Lyophilization is a very efficient but also a very expensive process for the preservation of biological and pharmaceutical materials. Lyophilization includes the sequential steps of freezing, primary drying, and secondary drying. The primary drying step is not only the longest step of the lyophilization process, but it is also the most sensitive to deviations in process parameters, including the process parameters of shelf temperature and chamber pressure.

Current lyophilization methods for biological and pharmaceutical materials maintain a constant shelf temperature and a constant chamber pressure throughout the primary drying step. Operation of laboratory-scale lyophilizers, pilot-scale lyophilizers and commercial-scale lyophilizers is simplified when a constant shelf temperature and a constant chamber pressure are maintained throughout the primary drying step.

It is desirable to decrease the length, and therefore the expense, of the primary drying step. According to various embodiments of the invention, the length of the primary drying step is decreased by maintaining the product temperature of the material at or just below the target temperature of the material.

In one aspect, the invention is a method for lyophilizing a material. The method comprises the step of modifying both a chamber pressure and a shelf temperature according to a designed primary drying cycle during a primary drying step.

In one embodiment, the method further comprises the step of generating a designed primary drying cycle for a material based on a product temperature profile for the material. In another embodiment, the method further comprises the step of calculating the product temperature profile for the material based on the cake resistance of the material. In a further embodiment, the method further comprises the step of calculating the product temperature profile for the material based on a vial heat transfer coefficient. In another embodiment, the product temperature profile is calculated using product temperature data obtained during a primary drying step conducted in a laboratory, pilot or commercial lyophilizer.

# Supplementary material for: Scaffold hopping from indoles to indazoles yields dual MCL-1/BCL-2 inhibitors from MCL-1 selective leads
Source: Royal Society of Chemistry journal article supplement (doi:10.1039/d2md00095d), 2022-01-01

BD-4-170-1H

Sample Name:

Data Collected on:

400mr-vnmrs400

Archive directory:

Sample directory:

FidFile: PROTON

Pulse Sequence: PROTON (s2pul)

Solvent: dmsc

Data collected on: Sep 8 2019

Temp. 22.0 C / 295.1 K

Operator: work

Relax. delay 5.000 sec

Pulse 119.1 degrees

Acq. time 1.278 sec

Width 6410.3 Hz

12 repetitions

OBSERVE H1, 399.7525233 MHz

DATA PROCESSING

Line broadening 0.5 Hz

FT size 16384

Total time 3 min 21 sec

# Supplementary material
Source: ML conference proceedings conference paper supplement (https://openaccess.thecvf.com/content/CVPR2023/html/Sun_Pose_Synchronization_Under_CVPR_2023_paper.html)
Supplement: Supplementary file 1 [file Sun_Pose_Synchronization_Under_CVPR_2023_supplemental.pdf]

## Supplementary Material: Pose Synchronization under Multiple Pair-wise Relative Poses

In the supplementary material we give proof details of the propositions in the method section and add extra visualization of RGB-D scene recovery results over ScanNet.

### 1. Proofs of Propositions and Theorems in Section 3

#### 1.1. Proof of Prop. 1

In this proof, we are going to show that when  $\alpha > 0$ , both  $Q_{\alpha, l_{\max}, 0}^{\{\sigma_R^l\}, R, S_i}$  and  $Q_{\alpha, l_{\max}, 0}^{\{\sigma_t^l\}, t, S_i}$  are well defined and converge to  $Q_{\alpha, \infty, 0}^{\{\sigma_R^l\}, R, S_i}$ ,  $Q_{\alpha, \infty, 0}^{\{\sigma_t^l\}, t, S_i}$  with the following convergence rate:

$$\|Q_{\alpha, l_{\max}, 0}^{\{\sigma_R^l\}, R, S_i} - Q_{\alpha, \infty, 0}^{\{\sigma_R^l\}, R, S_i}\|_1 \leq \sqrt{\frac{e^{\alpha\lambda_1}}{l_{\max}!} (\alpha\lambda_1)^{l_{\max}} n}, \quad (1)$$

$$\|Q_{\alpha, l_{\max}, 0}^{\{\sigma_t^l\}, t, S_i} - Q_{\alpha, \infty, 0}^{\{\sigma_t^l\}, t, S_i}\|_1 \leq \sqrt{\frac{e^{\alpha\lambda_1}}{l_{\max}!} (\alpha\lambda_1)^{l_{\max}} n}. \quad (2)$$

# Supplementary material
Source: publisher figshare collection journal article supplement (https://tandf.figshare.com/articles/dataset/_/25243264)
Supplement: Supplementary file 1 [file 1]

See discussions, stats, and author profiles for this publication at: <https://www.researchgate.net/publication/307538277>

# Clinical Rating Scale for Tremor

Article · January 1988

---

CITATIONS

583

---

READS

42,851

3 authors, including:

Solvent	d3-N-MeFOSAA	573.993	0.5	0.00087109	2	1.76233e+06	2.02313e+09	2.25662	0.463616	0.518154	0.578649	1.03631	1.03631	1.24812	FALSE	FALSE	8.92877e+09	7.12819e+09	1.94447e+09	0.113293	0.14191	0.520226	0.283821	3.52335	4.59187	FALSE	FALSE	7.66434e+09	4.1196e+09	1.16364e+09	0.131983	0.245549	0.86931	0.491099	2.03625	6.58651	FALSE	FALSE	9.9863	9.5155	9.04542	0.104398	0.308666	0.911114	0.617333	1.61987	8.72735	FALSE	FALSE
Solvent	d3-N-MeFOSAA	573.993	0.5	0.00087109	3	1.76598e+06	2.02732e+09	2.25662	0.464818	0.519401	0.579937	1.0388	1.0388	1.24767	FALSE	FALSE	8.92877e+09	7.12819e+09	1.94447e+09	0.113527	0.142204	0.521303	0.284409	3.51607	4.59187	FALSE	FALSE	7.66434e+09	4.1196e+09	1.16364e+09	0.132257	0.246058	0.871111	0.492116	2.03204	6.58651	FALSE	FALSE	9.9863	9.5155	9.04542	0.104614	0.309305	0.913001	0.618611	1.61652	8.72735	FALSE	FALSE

In one embodiment, the designed primary drying cycle maintains a temperature of the material at or below a target temperature of the material. In another embodiment, the designed primary drying cycle maintains the temperature of the material within about 15° C. of the target temperature of the material. In a further embodiment, the designed primary drying cycle maintains the temperature of the material within about 5° C. of the target temperature of the material. In another embodiment, the chamber pressure and the shelf temperature are modified simultaneously.

In additional embodiments, the material undergoing the designed primary drying cycle includes a biological agent, a pharmaceutical agent, a solute having a concentration of protein in solution in the range of about 1 mg/ml to 150 mg/ml, a solute having a concentration of protein in solution in the range of about 1 mg/ml to 50 mg/ml, a bulking agent selected from the group consisting of sucrose, glycine, sodium chloride, lactose and mannitol, a stabilizer selected from the group consisting of sucrose, trehalose, arginine, and sorbitol, and/or a buffer selected from the group consisting of tris, histidine, citrate, acetate, phosphate and succinate.

In further embodiments, the primary drying step of the designed primary drying cycle is conducted in a commercial-scale lyophilizer, a pilot-scale lyophilizer, or a laboratory-scale lyophilizer.